contributed by Steve Dbrockavitch
Paris, France — Tour De France watchers will notice something remarkably different about the race this year. On Tuesday, board members agreed, by unanimous vote, to allow unicycles in the race. In the 108 year history of the race, the Board has repeatedly kept at bay such efforts to revolutionize competitive cycling, “but with the dawn of a new century now 11 years behind us, we must the Tour into the modern era.” said Assistant to the Deputy Press Secretary of the Board of Directors, Monsignor Jacques du France.
With the rule change, organizers expect to see around one competitor make use of the unicycle, namely, Gerard L’tior, a French ex patriot now living in East Lansing, Michigan. L’tior, the principle lobbyist who petitioned the board for the use of unicycles, suffers from an irrational fear of handlebars, making the use of traditional bicycles impossible. After a lifetime of persecution, he left France in shame, and settled in East Lansing to begin his Rollin’ One campaign to bring unicycling to the world’s most prestigious cycling competition. Unable to acquire an interpreter by news time, we’ve recorded L’tior’s statement as follows. We ask our non-French-speaking readers to do their best to translate.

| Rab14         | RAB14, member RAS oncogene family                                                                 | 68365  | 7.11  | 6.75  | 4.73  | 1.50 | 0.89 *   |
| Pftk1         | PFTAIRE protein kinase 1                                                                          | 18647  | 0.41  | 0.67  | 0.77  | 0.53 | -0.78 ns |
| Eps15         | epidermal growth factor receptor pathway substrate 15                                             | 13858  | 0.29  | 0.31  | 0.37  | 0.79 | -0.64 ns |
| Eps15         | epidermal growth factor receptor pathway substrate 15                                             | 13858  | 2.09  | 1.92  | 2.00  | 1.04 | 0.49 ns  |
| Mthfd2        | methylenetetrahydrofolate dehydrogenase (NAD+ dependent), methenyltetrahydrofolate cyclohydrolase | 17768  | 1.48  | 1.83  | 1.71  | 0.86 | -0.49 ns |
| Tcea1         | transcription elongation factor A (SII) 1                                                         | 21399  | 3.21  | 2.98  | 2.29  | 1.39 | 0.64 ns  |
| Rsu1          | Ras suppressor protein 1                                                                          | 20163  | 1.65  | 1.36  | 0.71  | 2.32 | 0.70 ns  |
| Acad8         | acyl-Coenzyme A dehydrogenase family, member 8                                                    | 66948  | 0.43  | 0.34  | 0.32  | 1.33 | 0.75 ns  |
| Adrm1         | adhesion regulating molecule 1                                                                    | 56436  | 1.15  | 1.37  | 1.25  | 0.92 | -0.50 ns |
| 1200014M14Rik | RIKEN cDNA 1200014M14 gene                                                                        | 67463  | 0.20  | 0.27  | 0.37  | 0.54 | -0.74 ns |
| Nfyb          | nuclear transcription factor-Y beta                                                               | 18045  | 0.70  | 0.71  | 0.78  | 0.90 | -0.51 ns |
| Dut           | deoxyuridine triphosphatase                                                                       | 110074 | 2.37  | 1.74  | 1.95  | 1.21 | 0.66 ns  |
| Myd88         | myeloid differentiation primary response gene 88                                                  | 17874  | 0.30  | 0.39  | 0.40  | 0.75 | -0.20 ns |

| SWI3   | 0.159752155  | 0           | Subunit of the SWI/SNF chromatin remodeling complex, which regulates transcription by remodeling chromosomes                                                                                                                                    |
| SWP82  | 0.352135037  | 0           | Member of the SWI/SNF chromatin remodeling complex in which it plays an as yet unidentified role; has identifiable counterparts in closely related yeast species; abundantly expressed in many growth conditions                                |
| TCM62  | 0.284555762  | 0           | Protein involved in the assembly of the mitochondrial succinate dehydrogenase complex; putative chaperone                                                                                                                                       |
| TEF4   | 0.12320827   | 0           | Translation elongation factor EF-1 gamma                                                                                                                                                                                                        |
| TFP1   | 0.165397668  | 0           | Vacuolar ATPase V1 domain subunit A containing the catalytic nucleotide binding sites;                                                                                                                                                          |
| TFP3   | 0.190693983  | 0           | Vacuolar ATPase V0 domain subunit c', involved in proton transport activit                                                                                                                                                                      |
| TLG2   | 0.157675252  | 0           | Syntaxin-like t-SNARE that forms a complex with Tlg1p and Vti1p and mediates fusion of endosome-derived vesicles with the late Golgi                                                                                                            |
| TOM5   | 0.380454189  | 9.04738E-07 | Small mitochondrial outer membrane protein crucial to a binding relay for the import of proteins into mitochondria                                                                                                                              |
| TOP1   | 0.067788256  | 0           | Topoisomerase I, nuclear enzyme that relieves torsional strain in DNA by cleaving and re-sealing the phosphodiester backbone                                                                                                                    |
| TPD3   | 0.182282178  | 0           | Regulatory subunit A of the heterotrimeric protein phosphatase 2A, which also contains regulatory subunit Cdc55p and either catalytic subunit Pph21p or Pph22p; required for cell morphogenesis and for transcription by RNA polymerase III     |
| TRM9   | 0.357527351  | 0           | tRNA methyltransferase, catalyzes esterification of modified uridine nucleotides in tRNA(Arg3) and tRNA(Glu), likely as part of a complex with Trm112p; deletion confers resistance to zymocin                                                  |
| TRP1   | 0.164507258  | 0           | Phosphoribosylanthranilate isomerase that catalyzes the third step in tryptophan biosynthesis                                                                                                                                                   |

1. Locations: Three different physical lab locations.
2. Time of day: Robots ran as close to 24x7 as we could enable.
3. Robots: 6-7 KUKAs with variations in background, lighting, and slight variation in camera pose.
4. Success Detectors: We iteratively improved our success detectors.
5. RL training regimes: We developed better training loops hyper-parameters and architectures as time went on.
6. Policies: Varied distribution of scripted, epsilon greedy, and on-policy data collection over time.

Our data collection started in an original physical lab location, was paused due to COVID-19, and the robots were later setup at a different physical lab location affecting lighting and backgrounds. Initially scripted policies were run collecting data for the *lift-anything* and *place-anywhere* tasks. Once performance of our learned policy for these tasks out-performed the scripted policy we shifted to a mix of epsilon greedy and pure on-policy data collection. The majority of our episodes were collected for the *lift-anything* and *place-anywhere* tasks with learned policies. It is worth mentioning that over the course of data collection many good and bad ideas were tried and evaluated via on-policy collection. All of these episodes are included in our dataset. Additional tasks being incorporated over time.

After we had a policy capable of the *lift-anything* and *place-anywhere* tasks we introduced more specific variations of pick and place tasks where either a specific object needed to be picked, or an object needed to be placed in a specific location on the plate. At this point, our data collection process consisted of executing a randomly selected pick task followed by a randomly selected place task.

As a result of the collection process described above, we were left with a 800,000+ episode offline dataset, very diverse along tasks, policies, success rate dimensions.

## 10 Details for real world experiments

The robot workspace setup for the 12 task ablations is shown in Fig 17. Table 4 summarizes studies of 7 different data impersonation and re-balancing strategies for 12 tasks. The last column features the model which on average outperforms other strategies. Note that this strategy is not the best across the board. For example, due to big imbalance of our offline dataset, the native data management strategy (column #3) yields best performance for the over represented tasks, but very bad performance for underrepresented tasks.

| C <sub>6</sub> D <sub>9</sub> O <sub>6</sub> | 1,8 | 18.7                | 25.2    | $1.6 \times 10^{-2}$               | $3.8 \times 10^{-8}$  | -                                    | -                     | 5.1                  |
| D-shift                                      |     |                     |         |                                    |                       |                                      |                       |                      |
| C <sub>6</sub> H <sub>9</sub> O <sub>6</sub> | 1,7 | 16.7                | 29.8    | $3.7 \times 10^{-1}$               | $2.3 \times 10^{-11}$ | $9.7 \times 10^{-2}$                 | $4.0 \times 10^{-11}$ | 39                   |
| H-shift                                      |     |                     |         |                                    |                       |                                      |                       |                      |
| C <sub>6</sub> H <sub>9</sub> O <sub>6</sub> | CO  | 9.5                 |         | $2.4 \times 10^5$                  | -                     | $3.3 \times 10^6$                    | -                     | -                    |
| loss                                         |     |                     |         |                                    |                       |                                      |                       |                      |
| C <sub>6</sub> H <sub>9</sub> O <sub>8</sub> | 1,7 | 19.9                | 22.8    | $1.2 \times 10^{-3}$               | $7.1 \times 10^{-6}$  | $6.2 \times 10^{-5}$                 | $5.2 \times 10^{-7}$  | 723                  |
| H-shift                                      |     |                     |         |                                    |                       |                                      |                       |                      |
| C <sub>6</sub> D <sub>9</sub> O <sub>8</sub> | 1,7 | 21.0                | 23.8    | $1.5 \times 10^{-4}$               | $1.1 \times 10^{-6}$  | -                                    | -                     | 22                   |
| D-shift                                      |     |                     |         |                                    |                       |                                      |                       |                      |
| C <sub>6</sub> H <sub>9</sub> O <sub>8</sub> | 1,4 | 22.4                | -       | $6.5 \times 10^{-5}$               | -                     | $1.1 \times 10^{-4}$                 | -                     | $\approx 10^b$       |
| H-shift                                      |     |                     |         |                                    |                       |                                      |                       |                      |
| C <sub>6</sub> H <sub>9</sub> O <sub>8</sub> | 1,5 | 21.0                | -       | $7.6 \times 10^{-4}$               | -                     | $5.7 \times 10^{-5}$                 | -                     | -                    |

“Regardez, certaines personnes de changer le monde en nourrissant les affamés et des trucs comme ça. Nous ne pouvons pas tous être Mère Teresa, mais si je peux apporter monocyclistes disafected sur la scène mondiale, je pense que je me fais juste là-haut près de quelque chose comme ça.”
While this may indeed be a radical departure for the storied race, and time will only tell how this will affect the race, purists will find comfort in the petitions that the Board did not approve. Among them, requests to allow motorcycles, single-engine airplanes, steam powered trikes, two man wheelbarrow racers, horse-drawn skateboards, and dragons.